It’s official, Google’s November core algorithm update is over today on Tuesday, November 30, 2021, the day after the popular Cyber Monday shopping day. Sites that experienced an up or downward shift in rankings should not expect additional changes to their status until the next algorithm update.
“The November 2021 Core Update is now rolling out live. As is typical with these updates, it will typically take about one to two weeks to fully roll out.”
It’s possible that changes in traffic around the time of the algorithm might not be related to the update. Coincidences do happen but it’s a slim hope.
The changes seen today can be said to be permanent and until the next update there should only be the daily up and down in rankings that are characteristic of a constantly updated search index.
Unlike in the past where the search index remained fixed for a month at a time, today’s search engine is more dynamic and responsive to links and content.
What doesn’t change is the underlying processes themselves.
What Was The November Update?
Search Community Shares Insights
Many search marketers agreed that the November core algorithm update did not have the disruptive impact of a major update.
Kenichi Suzuki, a respected Japanese search marketer offered his observations of the impact to the Google search results in Japan.
“The November 2021 Core Update seems to have made much less impact on rankings, compared with other core updates.
The ranking changes are not that different than daily fluctuations.
That said, we’ve seen Google look at who (author/company) publishes the content more carefully.”
Jason Barnard (@jasonmbarnard)
Jason Barnard noticed wild fluctuations in Google’s Knowledge Graph on November 16th, the day before the update:
This is super interesting (in my wee world)
I think something BIG just happened in Google-Knowledge-Graph-World… hard to spot exactly what.
The last #knowledgegraph update was 4 times less volatile than any other previous
I’ve been not sleeping wondering about why. pic.twitter.com/KWtFQdPhJ6
— 𝄢 Jason Barnard 𝄢 (@jasonmbarnard) November 16, 2021
Is that related to the update that would be released on the following day?
Nobody knows for certain but it’s an interesting sideshow accompanying the main event.
Jason offered his thoughts on what happened in the Knowledge Graph:
“Here we had Google announce a core update on the 17th of November and the knowledge graph went crazy beginning the day before.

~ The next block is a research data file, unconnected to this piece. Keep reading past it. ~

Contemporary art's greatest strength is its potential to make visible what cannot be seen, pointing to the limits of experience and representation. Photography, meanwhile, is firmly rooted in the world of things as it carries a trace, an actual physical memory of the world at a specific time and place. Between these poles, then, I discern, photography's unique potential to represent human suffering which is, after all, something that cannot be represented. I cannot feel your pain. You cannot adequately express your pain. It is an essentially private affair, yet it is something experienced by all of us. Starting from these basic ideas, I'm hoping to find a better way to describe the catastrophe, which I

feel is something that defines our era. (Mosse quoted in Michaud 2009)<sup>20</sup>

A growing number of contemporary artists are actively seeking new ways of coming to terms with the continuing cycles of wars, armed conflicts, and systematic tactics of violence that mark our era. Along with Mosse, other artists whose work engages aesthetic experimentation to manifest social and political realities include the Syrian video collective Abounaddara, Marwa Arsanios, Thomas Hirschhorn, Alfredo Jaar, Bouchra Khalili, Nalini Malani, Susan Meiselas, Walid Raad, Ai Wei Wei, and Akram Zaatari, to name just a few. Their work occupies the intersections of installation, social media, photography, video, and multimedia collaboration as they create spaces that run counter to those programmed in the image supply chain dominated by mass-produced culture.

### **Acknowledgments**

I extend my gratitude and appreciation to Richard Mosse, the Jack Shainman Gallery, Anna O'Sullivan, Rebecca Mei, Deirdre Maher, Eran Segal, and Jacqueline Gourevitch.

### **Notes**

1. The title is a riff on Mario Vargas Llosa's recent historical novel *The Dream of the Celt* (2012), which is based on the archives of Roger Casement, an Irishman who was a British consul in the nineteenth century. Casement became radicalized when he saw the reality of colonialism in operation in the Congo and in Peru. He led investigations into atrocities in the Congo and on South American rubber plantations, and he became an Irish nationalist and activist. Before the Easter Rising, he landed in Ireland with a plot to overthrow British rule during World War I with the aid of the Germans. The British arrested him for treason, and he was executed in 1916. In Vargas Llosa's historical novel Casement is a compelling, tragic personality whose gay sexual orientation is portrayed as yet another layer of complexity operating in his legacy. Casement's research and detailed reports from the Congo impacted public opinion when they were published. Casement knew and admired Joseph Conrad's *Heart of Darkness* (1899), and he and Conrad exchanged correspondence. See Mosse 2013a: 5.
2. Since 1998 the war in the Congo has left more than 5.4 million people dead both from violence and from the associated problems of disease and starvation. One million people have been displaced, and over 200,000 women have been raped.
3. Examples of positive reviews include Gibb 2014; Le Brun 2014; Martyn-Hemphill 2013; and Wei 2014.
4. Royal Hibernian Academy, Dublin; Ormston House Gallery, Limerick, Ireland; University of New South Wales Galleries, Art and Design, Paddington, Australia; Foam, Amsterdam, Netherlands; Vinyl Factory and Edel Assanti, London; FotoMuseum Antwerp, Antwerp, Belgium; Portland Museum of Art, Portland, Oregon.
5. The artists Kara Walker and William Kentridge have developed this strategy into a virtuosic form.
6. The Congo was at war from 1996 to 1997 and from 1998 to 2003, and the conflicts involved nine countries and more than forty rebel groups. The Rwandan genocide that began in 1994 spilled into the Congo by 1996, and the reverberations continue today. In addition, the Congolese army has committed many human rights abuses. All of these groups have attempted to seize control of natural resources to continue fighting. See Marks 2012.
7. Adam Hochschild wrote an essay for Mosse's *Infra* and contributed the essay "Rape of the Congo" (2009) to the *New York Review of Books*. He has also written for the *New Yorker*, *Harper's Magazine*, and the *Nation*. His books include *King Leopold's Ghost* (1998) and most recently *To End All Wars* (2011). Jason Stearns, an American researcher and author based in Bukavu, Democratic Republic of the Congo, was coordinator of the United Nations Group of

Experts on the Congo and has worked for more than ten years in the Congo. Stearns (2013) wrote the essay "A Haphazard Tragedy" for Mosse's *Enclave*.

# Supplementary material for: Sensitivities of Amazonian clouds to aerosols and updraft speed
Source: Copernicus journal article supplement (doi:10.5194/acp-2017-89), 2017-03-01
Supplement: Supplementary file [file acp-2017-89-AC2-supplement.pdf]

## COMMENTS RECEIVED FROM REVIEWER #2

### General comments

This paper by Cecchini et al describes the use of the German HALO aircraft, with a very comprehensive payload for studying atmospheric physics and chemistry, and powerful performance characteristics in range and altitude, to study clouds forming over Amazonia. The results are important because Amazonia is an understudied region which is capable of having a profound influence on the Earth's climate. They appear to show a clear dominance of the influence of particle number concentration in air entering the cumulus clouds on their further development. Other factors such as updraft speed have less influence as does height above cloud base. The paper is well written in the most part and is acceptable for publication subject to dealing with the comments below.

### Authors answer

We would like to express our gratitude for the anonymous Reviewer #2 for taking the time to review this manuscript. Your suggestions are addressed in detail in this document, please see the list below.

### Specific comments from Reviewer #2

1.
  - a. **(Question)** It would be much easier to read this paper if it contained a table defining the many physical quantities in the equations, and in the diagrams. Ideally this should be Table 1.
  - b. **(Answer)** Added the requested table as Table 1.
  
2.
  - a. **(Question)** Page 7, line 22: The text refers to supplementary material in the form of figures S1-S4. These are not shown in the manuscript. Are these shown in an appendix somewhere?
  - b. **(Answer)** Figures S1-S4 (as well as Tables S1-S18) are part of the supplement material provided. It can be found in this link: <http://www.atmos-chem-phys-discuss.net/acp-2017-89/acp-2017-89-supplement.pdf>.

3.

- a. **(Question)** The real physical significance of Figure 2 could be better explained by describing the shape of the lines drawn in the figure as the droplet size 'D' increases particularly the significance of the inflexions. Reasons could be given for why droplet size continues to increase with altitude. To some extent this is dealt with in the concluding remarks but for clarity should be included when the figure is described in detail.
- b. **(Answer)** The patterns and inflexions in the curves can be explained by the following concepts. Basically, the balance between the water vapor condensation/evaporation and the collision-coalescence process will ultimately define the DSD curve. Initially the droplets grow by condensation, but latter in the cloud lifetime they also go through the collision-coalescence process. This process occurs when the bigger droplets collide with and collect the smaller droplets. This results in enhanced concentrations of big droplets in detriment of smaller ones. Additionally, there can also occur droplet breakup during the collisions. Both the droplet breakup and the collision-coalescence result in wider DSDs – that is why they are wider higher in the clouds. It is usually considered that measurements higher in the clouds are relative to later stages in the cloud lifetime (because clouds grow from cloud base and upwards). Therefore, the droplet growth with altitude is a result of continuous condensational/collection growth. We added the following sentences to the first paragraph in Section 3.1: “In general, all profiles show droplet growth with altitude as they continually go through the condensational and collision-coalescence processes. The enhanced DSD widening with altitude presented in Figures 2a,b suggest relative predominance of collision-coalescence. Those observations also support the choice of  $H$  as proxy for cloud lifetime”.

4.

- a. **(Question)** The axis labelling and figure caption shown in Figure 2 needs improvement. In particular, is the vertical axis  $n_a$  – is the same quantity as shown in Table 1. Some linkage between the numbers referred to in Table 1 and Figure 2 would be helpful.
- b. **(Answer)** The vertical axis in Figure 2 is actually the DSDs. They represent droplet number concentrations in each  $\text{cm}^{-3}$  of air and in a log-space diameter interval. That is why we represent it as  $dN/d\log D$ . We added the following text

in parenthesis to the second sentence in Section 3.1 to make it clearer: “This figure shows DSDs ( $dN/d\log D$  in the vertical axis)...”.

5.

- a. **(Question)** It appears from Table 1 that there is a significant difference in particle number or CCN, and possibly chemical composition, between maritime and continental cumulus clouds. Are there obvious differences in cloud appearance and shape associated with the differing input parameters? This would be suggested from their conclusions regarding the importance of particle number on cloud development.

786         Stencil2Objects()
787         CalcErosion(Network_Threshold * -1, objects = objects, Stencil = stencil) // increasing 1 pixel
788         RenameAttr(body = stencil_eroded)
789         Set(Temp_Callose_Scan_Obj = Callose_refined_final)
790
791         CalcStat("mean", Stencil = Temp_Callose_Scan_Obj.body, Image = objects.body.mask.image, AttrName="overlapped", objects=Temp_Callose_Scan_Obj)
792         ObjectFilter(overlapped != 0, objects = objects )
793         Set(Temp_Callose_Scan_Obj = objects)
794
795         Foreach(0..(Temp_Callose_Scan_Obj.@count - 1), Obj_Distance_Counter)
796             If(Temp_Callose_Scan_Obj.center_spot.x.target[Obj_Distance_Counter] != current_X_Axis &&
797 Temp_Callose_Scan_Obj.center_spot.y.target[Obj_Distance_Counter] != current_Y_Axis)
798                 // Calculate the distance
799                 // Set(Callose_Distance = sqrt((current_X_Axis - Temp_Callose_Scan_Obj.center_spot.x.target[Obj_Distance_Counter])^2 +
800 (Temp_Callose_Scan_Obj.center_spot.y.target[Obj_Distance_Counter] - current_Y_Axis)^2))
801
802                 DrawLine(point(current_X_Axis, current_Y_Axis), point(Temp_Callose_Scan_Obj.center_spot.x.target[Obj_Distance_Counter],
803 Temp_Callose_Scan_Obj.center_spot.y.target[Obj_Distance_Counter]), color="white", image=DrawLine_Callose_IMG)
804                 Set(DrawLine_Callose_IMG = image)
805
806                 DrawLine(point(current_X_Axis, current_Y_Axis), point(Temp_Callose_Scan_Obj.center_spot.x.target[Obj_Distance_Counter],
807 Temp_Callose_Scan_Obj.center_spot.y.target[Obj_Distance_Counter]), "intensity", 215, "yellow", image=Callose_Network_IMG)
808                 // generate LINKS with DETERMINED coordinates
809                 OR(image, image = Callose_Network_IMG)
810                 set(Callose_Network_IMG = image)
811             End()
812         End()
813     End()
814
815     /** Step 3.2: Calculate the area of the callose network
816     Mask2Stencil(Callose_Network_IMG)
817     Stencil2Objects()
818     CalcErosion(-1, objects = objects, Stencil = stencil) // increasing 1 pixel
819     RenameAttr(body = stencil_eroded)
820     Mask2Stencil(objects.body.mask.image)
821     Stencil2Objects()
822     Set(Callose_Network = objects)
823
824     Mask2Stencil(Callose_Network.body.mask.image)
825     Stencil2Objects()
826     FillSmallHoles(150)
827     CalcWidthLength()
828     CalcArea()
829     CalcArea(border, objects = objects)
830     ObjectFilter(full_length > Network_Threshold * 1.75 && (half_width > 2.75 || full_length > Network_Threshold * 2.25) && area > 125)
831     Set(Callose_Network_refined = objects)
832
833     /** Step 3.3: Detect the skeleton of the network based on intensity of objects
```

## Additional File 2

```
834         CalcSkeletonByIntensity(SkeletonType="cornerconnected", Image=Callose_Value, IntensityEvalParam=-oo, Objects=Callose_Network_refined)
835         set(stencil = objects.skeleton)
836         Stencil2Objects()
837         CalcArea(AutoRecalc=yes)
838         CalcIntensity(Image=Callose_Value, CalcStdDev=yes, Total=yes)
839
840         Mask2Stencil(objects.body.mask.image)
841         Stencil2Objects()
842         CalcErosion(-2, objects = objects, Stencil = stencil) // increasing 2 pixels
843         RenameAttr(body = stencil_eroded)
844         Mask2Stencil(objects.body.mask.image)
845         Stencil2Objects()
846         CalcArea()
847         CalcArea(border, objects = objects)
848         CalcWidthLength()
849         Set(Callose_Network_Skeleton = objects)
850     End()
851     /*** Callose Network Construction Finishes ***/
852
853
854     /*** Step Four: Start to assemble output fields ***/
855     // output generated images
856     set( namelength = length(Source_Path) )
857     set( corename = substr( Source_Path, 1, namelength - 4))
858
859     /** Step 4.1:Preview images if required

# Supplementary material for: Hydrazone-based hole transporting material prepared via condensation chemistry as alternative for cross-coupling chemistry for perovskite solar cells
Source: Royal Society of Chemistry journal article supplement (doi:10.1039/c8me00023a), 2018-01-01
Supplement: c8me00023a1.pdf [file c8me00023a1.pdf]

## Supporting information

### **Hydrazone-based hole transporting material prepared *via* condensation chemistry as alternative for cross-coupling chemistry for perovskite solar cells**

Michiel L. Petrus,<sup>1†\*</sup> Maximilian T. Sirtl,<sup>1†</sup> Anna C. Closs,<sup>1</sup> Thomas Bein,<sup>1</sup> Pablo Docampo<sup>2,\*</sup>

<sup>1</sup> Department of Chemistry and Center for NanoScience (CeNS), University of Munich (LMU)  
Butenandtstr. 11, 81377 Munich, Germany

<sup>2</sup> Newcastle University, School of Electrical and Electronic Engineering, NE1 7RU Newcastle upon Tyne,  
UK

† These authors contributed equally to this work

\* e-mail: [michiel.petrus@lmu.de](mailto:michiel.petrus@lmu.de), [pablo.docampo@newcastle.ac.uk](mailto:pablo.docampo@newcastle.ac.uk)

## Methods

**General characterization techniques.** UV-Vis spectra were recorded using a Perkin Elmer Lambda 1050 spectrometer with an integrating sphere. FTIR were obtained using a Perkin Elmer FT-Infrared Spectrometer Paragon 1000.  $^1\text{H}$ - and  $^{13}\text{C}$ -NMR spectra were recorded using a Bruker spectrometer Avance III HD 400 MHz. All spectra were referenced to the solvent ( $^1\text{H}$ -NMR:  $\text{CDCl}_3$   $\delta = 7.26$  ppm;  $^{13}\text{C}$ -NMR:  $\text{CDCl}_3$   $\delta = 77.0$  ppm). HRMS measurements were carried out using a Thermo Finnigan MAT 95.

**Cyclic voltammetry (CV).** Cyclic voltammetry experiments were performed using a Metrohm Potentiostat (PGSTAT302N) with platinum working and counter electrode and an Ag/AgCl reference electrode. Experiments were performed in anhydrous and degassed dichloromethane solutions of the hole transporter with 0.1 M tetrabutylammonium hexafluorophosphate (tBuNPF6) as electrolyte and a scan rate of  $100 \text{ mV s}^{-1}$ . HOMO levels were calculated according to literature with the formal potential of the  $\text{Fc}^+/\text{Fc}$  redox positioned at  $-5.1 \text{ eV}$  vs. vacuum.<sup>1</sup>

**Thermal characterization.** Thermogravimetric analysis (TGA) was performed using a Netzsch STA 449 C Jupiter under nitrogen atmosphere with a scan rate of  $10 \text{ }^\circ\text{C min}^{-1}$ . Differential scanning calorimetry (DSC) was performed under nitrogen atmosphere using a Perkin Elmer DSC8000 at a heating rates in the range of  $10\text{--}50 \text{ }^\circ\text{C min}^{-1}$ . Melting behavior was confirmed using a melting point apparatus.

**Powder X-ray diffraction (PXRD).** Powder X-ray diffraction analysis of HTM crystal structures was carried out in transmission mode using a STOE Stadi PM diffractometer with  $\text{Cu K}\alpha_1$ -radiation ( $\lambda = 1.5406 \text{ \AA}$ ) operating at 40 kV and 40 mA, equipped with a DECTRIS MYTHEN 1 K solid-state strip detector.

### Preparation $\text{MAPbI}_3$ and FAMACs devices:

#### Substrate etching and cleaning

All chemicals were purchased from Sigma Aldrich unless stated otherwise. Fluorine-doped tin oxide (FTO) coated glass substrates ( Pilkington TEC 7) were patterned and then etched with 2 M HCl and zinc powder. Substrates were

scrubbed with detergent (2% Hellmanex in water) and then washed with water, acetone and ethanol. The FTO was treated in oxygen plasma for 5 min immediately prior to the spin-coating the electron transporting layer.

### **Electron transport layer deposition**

There was also a “deepening” of the Knowledge Graph that same day (ie queries returned 6% more results on average…).
That number had not changed for at least 2 years. So that 6% is big news.”
Ammon Johns (@Ammon_Johns)
I asked widely respected search marketer, Ammon Johns, about the update.
“There’s no single unifying theme (yet), no suddenly recurring problem or symptom surfacing in the various SEO groups.
Only the ongoing mass of issues many smaller site owners had in the weeks running up to the update where crawling was reduced, and sites with lower crawl priorities found they couldn’t get their new content indexed.”
Ammon is referencing the growing concern in the worldwide search marketing community about how Google seems to be indexing less content.
That’s something that began peaking in October 2021 and continues to be a source of anxiety for many publishers.
Steven Kang (@SEOSignalsLab)
Steven Kang is the administrator of the wildly popular SEO Signals Lab Facebook community. His community has thousands of members and countless discussions every day. If anyone has the pulse of the search community on social media, it’s Steven Kang.
Here is what Steve observed about the core update:
“I’m seeing mixed results. Some went up and some down. I’m not seeing the seismic difference…”
Jim Boykin (@jimboykin) – Founder of Internet Marketing Ninjas
Jim Boykin has been in SEO for over twenty years and one thing I have observed about Jim is that he’s open minded to changes and is quick to adapt, which to me makes his opinions matter all the more.
These are Jim’s observations on Google’s November update:
“We had 12 clients that had really nice ranking/traffic improvements, and about 25 clients that didn’t see much either way, and we had 7 clients that saw a bit of a drop. About 5 of the 7 that dropped fell 1-3 ranking positions lower. Two of those seven had bigger drops.
Overall, this is just another algo update… there will always be winners and losers each time… I just try to keep making the sites better and stress doing that to those who were negatively effected.”
Bill Hartzer (@bhartzer)
Bill Hartzer, another search marketer with over twenty years of experience concurred with the observation that this update had a small impact.
“I feel as if it’s been a low impact update.”
Was The Update Partly An Infrastructure Update?
This update is generally agreed by many in the search industry to have been a relatively mild one. That in itself is very interesting because it could suggest a shift in the underlying algorithm architecture where it still does the same thing, relatively, but it does it more efficiently and faster.
The core algorithm update was preceded by a spam update which presumably cleared the table of negative influences to the search index, to make the search index more pure and less spam.
FLAN Machine Learning Research Paper